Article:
1 The New England Wireless & Steam Museum

2 Merging the Wireless Companies

3 Wireless Made Paractical, The Boston Globe, May 11th, 1904

4 SCIENTIST THINKS HE HAS FOUND SOUl'S LOCATION By John Coggswell, The Boston Sunday Post, March, 25th, 1917

5 VINTAGE RADIO December 2013 Column

6 The National Register of Historic Places

7 Radio Uses No Ether Waves

8 Spark Key Project - Russ Kleinman

9 Block Island (RI) (Images in America) by Donald A D'Amato

10 Electrical Review Volume 54, 1909

11 Operator's Wireless Telegraph and Telephone Handbook, 1909

12 NAVAL RADIO COMMUNICATIONS in the ELEVENTH NAVAL DISTRICT San Diego, California

13 Electrical World, April, 1906

14 W1TP TELEGRAPH AND SCIENTIFIC INSTRUMENT MUSEUMS

15 General Assembly of the State of Rhode Island and Providence Plantations, at the January Session, AD 1906

16 Annual Reports of the Commission of Shell Fisheries for the State of Rhode Island from 1913 to 1918

17 New York Hotel Record, 1909

18 Who's Who in Engineering, 1922-1923

19 Wireless Telegraphy and Telephony Popularly Explained By Walter Wentworth Massie, Charles Reginald Underhill, Nikola Tesla

20 Telegraph Age, January 1st, 1909

21 United States Investor, Volume 20, Part 2, Issues 27-52, JUly 3rd, 1909

22 National Register of Historic Places Document, Station "PJ"

23 Lloyd's Register of American Yachts, 1917

24 Electrical World, March 21st, 1908

25 Massie Wireless Telegraph Co. v. Enterprise Transportation Co. January 4, 1910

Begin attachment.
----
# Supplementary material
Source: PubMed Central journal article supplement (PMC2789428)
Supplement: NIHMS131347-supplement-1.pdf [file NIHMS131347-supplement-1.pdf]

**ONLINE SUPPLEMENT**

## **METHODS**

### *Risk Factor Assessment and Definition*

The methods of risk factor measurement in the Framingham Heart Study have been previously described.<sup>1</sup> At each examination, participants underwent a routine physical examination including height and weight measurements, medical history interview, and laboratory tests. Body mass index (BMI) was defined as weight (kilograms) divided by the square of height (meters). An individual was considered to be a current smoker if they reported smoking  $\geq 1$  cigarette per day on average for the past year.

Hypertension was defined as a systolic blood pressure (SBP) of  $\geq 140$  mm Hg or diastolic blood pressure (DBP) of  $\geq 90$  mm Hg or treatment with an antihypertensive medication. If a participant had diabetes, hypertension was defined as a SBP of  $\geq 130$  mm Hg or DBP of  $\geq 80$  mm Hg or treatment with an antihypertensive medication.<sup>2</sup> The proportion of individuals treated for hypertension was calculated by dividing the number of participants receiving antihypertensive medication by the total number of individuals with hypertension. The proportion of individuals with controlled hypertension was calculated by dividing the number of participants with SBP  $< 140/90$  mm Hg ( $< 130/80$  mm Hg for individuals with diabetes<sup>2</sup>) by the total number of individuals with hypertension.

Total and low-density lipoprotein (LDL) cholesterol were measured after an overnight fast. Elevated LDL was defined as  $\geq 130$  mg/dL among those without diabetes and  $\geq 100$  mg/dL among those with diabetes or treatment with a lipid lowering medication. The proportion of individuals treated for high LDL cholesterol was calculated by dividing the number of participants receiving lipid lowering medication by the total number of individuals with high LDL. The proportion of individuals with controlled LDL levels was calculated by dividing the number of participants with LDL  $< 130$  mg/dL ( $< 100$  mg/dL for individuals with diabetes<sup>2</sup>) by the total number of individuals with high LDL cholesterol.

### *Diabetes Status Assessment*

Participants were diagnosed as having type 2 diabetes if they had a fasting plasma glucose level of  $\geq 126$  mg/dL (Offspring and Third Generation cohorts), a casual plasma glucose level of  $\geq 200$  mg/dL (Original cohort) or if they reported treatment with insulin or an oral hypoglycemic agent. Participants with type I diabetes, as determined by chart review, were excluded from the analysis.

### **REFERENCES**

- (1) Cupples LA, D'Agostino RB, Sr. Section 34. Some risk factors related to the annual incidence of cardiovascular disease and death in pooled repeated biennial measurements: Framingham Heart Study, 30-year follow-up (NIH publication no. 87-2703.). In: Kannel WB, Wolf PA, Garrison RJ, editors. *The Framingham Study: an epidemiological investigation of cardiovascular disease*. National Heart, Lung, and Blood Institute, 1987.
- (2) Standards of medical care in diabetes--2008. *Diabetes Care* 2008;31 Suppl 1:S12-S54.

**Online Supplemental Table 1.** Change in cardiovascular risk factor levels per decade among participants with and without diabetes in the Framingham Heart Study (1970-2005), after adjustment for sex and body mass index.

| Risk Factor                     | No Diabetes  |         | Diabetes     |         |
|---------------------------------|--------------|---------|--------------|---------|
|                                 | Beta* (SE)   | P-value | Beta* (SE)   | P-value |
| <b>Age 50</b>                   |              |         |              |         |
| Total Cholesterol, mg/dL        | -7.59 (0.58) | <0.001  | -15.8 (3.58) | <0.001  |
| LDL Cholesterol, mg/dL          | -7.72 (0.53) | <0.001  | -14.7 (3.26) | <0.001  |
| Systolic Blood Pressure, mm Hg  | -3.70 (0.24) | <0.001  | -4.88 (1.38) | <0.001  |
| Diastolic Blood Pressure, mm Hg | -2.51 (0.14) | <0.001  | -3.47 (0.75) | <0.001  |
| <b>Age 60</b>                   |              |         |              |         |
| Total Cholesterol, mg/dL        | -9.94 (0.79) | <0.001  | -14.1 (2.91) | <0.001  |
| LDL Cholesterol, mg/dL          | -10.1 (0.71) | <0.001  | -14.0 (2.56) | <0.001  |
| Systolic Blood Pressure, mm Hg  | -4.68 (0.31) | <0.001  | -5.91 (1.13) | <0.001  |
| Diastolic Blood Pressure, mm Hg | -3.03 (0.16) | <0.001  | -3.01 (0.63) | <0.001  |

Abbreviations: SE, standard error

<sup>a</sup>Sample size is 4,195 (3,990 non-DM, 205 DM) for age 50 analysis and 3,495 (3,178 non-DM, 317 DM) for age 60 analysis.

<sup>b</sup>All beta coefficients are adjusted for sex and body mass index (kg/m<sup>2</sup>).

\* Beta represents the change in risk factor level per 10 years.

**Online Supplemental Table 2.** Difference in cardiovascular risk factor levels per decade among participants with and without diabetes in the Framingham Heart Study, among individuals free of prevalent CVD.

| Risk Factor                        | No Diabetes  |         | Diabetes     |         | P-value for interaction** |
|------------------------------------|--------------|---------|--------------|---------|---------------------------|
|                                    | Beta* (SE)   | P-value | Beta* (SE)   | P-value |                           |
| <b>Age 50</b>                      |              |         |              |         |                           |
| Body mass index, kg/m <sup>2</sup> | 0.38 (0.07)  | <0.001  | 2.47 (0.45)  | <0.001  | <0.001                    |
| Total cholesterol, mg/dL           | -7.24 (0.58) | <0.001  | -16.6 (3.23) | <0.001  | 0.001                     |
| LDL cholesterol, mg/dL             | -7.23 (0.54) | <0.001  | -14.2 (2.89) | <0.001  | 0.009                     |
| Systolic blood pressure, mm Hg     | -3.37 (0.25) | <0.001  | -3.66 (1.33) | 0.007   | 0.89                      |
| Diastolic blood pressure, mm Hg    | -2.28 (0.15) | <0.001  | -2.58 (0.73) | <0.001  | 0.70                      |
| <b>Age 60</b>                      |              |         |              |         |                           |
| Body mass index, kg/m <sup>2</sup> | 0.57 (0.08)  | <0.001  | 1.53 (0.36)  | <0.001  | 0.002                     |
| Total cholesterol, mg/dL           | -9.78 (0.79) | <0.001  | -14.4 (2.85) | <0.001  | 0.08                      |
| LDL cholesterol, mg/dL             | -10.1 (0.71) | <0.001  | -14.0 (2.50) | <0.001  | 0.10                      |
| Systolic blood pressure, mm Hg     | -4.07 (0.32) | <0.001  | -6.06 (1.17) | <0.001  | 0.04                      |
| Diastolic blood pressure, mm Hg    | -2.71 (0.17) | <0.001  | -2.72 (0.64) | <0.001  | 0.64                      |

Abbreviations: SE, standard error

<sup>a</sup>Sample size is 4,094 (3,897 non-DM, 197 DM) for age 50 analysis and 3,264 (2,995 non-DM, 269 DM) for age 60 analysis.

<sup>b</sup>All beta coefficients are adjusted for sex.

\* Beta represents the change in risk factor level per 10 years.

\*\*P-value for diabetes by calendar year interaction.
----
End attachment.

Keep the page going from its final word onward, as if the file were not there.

26 Amateur Work Magazine Vol5

27 Tour of New England Wireless and Steam Museum

28 National Register of Historic Places - Edgewood Historic District - Taft Estate Plat o Registration

29 Wireless Comes of Age on the West Coast, AWA Review, Bartholomew Lee, a Fellow of the California Historical Radio Society, Volume 4, 2011

30 1910 Providence Directory

31 1912 Providence Directory

32 Brown Unversity Alumni Monthly, 1913-1914

33 Telegraph Age, October 16th, 1909

34 Shorpy Historic Images, 1910

35 Electronic Classics: Collecting, Restoring and Repair, By Andrew Emmerson, 1998

36 Brown University Historical Catalogue 1764-1914

37 1899 Providence Directory

38 1919 Providence Directory

38 NORWICH BULLETIN TUESDAY MARCH 2Z 1910

40 The Connecticut Digital Archive Collections

41 Continental Wireless Telephone and Telegraph_Company

42 The Motor Boat Vol 14 Issues 13 July 10th, 1917

43 1910 US Census

44 1810 US Census

45 Tufts 1891-1892 Catalogue.

46 Tufts 1891-1892 Catalogue.

47 1896 Providence Street Directory

48 1904 Brown Indes Of Residences.

49 1904 Providence Directory.

50 1905 Providence Directory.

51 1906 Providence Directory.

52 1908 Providence Directory.

53 1909 Providence Directory.

54 1910 Providence Directory.

55 1911 Providence Directory.

56 1912 Providence Directory.

57 1913 Cranston Directory.

58 1914 Providence Busineess Directory.

59 1915 Census.

60 1916 Providence Busineess Directory.

61 1917 Providence Directory.

62 1918 Providence Business Directory.

63 1920 Census.

64 1920 Busineess Directory.

65 1921 Busineess Directory.

66 1922 Cranston Busineess Directory.

67 1922 Providence Busineess Directory.

68 1924 Providence Busineess Directory.

69 1924 Cranston Busineess Directory.

70 1924 Cranston Street Directory.

71 1925 RI State Businees Directory.

72 1925 Providence Street Directory.

73 1928 Cranston Street Directory.

74 1928 Business Directory.

75 1930 Providence Street Directory.

76 1930 Cranston Street Directory.

77 1931 Providence Street Directory.

78 1933 Providence Street Directory.

79 1933 Providence Street Directory.

80 1935 Census.

81 "A CHRONOLOGY of WIRELESS and RADIO on the WEST COAST" by BARTHOLOMEW LEE, a Fellow of the California Historical Radio Society.

82 Howeth, Capt. L. S., USN Ret. History of Communications-Electronics in the United States Navy. Washington, D. C. 1963..

83 1914 RI State Audit.

84 1915 RI State Audit.

85 1913 RI State Audit.